On June 4, police chief Kevin Treadway spoke to the crowd gathered outside Flagstaff City Hall to express his support.

“A lot of what you have to say, we agree with. What we saw in Minnesota with George Floyd — that was unacceptable,” Treadway said.

Although the sentiment was appreciated by some, others disapproved of these efforts to unify protesters with the police. One protester, Marcus, said statements made by police amid tension mean nothing unless they seek real systemic change.

“Any type of statement given out by police while they aren’t making active legislative change — it’s all just thoughts and prayers in cop language,” Marcus said. “This is the bare minimum. I won’t congratulate them for doing their job.”

Daniels said in order to achieve change, things need to be addressed within and outside the system. Discussions about exactly how to reform the police have surged amid protests and calls for justice. Some want reform, while others call to defund police. Some want to abolish the system altogether. Across the crowd, signs that read “Police the police,” “Arrest the cops, free the people,” “Hire less cops” and “Blue lives murder” echo this sentiment.

“White people grow up in a society that tells them racism is over,” a protester with a sign that read, “Serve and protect was never the goal” said. “If we aren’t constantly moving the world to a better state, what’s the point of living?”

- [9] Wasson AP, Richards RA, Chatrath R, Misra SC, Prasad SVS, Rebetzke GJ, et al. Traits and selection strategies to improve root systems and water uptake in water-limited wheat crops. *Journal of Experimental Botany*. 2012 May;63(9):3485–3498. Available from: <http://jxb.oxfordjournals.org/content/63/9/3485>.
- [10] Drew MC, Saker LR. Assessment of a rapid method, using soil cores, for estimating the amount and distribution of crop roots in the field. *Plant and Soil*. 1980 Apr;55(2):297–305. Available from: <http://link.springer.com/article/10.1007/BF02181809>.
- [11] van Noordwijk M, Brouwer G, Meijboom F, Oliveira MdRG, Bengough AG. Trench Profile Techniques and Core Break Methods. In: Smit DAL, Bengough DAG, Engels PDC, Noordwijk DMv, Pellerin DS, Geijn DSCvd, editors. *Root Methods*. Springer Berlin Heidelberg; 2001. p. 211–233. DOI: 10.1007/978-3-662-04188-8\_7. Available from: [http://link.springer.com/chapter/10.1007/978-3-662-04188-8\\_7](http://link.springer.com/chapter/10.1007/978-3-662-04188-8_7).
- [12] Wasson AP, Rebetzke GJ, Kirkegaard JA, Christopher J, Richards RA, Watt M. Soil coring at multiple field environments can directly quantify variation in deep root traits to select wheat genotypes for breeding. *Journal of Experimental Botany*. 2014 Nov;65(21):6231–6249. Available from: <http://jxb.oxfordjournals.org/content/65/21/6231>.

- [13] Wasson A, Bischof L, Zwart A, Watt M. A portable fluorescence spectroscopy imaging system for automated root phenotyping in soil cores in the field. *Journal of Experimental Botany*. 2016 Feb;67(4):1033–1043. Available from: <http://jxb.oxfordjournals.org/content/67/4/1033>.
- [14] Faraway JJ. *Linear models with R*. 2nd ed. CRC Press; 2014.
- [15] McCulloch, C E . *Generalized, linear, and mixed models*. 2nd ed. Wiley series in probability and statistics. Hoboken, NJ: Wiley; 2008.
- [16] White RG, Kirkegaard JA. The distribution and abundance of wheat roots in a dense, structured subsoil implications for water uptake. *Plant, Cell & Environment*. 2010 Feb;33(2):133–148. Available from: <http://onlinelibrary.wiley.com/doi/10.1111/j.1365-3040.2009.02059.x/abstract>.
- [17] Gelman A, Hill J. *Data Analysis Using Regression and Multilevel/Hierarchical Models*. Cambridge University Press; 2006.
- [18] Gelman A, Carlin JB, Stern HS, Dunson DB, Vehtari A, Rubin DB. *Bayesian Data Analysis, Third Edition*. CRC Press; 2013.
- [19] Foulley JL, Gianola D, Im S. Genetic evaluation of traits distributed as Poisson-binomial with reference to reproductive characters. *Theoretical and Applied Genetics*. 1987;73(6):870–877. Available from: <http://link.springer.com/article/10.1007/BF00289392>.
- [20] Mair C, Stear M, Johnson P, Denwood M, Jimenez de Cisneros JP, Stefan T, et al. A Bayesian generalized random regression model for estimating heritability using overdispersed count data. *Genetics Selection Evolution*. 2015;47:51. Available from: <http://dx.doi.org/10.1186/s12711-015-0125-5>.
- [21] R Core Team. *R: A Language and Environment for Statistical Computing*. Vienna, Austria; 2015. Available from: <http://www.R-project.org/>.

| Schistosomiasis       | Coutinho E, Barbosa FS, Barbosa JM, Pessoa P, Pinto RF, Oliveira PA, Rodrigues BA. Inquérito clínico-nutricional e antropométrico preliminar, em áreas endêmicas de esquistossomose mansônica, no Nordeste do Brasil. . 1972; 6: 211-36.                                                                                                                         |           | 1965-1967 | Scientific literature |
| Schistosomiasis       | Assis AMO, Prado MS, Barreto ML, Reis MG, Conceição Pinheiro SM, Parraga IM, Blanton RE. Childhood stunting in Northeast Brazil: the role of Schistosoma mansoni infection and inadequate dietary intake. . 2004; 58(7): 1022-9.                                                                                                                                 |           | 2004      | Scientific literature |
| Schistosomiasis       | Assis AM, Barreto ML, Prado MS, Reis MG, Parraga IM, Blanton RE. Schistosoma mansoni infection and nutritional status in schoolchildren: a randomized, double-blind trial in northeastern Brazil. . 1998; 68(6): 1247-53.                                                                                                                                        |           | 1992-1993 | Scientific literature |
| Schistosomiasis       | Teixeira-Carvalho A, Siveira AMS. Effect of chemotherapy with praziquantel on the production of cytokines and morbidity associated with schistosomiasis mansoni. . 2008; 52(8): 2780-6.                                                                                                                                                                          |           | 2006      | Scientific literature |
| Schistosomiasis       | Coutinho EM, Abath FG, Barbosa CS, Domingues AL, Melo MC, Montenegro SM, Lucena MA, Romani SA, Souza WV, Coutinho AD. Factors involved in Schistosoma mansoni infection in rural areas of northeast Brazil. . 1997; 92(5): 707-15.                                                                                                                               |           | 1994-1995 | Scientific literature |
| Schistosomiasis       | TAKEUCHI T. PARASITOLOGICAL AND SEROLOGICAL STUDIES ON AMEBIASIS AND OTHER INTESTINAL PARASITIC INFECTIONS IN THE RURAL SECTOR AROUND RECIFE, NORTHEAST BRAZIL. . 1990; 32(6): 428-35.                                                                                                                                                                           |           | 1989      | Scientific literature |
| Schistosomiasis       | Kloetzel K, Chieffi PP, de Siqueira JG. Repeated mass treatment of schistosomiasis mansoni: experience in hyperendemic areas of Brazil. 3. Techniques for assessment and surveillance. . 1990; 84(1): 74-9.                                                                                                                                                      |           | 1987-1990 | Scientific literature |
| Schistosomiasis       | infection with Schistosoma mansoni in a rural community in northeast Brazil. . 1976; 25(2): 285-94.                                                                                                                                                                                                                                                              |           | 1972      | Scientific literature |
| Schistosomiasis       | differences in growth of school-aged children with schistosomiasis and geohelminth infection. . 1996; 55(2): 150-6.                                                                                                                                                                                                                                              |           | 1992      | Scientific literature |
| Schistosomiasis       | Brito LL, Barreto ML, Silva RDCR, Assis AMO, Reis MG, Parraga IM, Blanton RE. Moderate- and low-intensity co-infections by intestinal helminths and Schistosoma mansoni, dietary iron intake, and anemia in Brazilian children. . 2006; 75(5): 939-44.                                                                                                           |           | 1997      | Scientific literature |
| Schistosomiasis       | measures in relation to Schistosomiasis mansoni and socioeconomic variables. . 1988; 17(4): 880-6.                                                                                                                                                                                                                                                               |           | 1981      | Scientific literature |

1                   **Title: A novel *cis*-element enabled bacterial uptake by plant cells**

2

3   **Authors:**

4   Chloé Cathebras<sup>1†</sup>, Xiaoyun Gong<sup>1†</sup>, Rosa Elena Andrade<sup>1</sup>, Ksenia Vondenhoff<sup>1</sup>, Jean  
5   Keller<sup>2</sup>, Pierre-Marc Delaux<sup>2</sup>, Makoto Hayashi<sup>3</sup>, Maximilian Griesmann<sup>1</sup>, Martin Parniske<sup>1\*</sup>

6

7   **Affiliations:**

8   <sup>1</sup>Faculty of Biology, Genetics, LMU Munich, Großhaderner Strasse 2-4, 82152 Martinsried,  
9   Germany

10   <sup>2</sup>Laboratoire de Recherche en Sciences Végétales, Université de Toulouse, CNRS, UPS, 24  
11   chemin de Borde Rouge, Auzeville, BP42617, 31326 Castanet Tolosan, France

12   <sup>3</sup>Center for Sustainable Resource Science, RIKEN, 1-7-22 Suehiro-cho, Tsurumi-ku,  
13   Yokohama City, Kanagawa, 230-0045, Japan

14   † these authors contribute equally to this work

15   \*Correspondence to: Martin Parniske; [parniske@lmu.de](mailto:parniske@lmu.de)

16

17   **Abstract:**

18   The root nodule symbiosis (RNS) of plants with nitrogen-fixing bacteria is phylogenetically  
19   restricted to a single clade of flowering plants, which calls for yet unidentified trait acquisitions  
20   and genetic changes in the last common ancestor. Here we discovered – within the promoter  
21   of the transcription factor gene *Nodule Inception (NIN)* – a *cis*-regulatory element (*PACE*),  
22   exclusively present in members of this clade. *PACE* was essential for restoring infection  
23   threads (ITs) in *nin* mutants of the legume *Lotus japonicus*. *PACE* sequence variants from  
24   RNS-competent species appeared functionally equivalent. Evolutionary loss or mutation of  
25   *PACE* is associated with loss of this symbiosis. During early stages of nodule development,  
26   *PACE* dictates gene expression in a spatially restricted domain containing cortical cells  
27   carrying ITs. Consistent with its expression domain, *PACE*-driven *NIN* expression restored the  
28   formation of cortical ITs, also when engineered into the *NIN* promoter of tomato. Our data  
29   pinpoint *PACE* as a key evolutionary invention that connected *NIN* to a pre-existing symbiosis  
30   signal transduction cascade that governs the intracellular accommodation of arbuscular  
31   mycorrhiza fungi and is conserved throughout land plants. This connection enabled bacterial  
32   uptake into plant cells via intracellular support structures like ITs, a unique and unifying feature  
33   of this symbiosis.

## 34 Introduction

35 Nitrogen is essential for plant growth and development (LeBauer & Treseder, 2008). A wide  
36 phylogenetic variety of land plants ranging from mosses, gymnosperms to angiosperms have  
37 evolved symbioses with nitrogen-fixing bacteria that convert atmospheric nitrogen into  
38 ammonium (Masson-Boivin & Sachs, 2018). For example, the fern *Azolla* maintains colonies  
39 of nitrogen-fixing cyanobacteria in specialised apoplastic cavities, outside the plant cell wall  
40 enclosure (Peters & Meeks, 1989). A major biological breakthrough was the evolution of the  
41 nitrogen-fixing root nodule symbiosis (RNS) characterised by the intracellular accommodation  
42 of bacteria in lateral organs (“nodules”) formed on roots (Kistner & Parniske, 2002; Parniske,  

The protester said society and its institutions don’t support or care about many people, including the Black community. Therefore, change needs to happen, she said. Another protester with a sign that read, “Divest the police, invest in the community,” said the best way to achieve that change is to reallocate police funding. She said if cities move around these huge police budgets and allocate funds toward other programs like mental health, education and housing, there will be less need for the police.

If one would like to show support for the cause, show up, sign petitions and donate. Resources can be found at blacklivesmatter.com.

“There is no reason to be silent,” Daniels said. “Silence is complacency.”